Post-election enthusiasm in the American vaping community was somewhat dampened the following month, when the U.S. Surgeon General released a report on the use of e-cigarettes by youth. While all reputable retailers agree e-cigarettes do not belong in the hands of young people, the report fails to acknowledge the unmistakable contribution to increased smoking cessation and the comparative reduced harm presented by vaping products over conventional combustible tobacco cigarettes.

The Surgeon General’s report is markedly at odds with a report issued by the Royal College of Physicians earlier in the year, which stated that e-cigarettes appear to be effective in helping people quit smoking and, further, that traditional cigarettes are 95% more harmful. (See more in “Developments Around the World” below.)

With physicians of different nationalities arriving at such disparate conclusions, one wonders if public health is the only factor influencing their reports, and if political pressures and motivations that are specific to their countries of origin play a role in their respective viewpoints.

United States Developments at the State Level

In 2016 states coast to coast enacted new laws and restrictions on vaping, typically lumping e-cigarettes in with traditional combustible ones, as the FDA did.

January saw Hawaii become the first state to raise its legal smoking age to 21.

In June, California followed suit.

As of December 2016, many counties and cities nationwide have also implemented similar measures.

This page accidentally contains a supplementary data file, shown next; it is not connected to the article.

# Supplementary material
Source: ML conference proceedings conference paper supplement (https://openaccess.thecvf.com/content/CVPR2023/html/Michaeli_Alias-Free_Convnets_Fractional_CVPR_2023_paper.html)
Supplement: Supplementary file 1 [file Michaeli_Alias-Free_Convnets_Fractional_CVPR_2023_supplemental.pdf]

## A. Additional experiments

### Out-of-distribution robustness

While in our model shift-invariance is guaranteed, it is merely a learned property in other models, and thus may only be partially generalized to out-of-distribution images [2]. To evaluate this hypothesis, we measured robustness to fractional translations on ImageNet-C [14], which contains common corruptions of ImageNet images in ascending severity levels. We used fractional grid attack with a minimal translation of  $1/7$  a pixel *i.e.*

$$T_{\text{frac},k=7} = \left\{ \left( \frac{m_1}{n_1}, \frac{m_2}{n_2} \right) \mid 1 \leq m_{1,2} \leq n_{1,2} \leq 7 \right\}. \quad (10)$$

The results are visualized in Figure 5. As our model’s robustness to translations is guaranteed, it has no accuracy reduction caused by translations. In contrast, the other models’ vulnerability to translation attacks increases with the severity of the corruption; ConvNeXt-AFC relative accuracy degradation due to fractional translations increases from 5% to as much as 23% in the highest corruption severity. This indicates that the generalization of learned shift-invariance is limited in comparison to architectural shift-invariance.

In October, Pennsylvania enacted a tax which would require vaping retailers to pay 40% of the value of their inventory to the state by year’s end. Small businesses would be most affected, and some in fact closed their doors almost immediately.

Possibly having not fully considered the economic impact of the new law, some lawmakers soon developed “legislator’s remorse.” Pennsylvania Rep. Wheeland introduced HB 2342, which would repeal the 40% tax and replace it with a simple 5-cent-per-milliliter tax. HB 2342 is currently making its way through the Pennsylvania House.

Developments Around the World

In April, the U.K.-based Royal College of Physicians issued an encouraging report called Nicotine Without Smoke: Tobacco Harm Reduction. Among the conclusions the report revealed were:

  • Provision of the nicotine that smokers are addicted to without the harmful components of tobacco smoke can prevent most of the harm from smoking.
  • E-cigarettes appear to be effective when used by smokers as an aid to quitting smoking (emphasis in original).
  • The hazard to health arising from long-term vapour inhalation from the e-cigarettes available today is unlikely to exceed 5% of the harm from smoking tobacco (emphasis in original).
  • Available evidence to date indicates that e-cigarettes are being used almost exclusively as safer alternatives to smoked tobacco, by confirmed smokers who are trying to reduce harm to themselves or others from smoking, or to quit smoking completely.